It used to be simpler. When Beaumont Newhall published his first English-language surveys of the history of photography in the 1930s and 1940s, most of the art-historical establishment did not consider photography a legitimate art, and when a modernist did think about the relation of the camera to art, it was often under a cloud of worry that some established painter would be revealed to have used a photograph as his source. Newhall thus began his project from a position of deficit: photography, as he understood it, could be expressive but was fundamentally different from painting and the graphic arts in that, first, it lacked the autographic features of handmade art, such as facture, and second, it was effortless and did not require skill, which resulted in a widespread prevalence of amateurism and commercial exploitation that had no analogue in painting. His history countermanded these liabilities by describing the evolving technical conditions that informed photography’s unpainterly nature and appearance and the larger social field in which photography’s many applications were to be found. It was not an art history of photography, but it did propose the grounds upon which an art appreciation of the photograph might be built. As history writing, it was perfectly aware of its purpose and ambition.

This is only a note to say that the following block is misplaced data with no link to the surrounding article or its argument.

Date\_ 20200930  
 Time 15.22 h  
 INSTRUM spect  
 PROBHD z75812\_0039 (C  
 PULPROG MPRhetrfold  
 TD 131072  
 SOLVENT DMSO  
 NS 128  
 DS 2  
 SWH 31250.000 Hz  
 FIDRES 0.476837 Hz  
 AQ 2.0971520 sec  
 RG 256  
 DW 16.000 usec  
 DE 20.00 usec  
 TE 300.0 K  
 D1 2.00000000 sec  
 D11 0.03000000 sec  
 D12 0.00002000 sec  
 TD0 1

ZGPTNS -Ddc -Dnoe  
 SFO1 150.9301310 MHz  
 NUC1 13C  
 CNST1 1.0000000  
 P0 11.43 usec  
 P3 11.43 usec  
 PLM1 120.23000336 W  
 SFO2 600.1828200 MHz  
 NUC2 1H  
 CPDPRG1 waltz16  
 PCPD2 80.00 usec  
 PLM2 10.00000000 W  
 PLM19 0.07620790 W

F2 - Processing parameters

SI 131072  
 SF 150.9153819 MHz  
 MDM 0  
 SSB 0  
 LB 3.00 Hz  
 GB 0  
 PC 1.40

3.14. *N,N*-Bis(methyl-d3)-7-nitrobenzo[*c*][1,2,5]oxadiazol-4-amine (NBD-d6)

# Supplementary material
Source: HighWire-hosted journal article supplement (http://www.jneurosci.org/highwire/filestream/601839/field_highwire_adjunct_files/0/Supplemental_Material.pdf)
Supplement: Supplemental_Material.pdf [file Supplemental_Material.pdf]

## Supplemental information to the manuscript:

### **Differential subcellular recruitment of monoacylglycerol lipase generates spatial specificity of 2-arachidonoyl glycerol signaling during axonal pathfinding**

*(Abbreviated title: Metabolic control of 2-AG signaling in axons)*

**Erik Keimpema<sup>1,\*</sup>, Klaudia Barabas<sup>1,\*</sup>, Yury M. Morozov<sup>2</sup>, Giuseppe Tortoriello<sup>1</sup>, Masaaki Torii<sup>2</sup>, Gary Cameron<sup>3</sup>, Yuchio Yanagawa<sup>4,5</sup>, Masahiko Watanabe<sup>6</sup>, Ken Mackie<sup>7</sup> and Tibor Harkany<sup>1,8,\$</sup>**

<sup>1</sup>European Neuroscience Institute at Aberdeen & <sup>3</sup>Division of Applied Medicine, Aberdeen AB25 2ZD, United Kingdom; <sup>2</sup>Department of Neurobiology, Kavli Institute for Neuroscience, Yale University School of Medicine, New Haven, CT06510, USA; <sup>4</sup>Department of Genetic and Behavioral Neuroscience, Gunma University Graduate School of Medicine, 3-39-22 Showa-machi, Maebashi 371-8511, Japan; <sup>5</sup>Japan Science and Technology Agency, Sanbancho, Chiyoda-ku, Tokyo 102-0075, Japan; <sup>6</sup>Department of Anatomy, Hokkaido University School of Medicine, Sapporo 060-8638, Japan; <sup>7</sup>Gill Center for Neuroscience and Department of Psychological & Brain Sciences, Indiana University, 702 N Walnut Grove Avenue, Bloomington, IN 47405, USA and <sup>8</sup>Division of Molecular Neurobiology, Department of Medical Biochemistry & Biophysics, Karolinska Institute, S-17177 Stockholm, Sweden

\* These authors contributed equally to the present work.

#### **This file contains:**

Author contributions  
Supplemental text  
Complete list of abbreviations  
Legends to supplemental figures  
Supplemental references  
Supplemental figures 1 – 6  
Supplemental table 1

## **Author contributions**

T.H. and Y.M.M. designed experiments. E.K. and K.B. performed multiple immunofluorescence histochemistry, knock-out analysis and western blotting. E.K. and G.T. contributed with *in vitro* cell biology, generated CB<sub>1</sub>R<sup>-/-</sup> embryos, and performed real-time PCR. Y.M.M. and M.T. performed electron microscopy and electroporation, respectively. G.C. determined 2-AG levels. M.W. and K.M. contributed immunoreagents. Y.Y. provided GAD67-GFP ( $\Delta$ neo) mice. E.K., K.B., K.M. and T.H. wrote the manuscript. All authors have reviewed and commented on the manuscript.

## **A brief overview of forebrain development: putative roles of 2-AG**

Much has transpired in our cognizance of photography since those days, not the least of which has been the medium’s phenomenal ratification by the museum, the academy, and collectors. The photo boom created both the need for textbooks from which the history of photography might be taught to university and art-school survey classes—and consulted by collectors—and a generation of critics dubious about whether art history was ever the right discipline to be framing that understanding. Over the past thirty years, many have turned to the problem of how to compose a synoptic history of photography, each assuming the burden of deciding to what degree their rendition would expand upon, challenge, and compete with those already available in the marketplace. This situation is now one of surplus: artworld embrace, record prices for works, an elaborate infrastructure for education and exhibition, and many histories of photography to choose from. Invariably, any new entry in the genre, such as the substantial tome now offered by Juliet Hacking and her team, invites comparisons.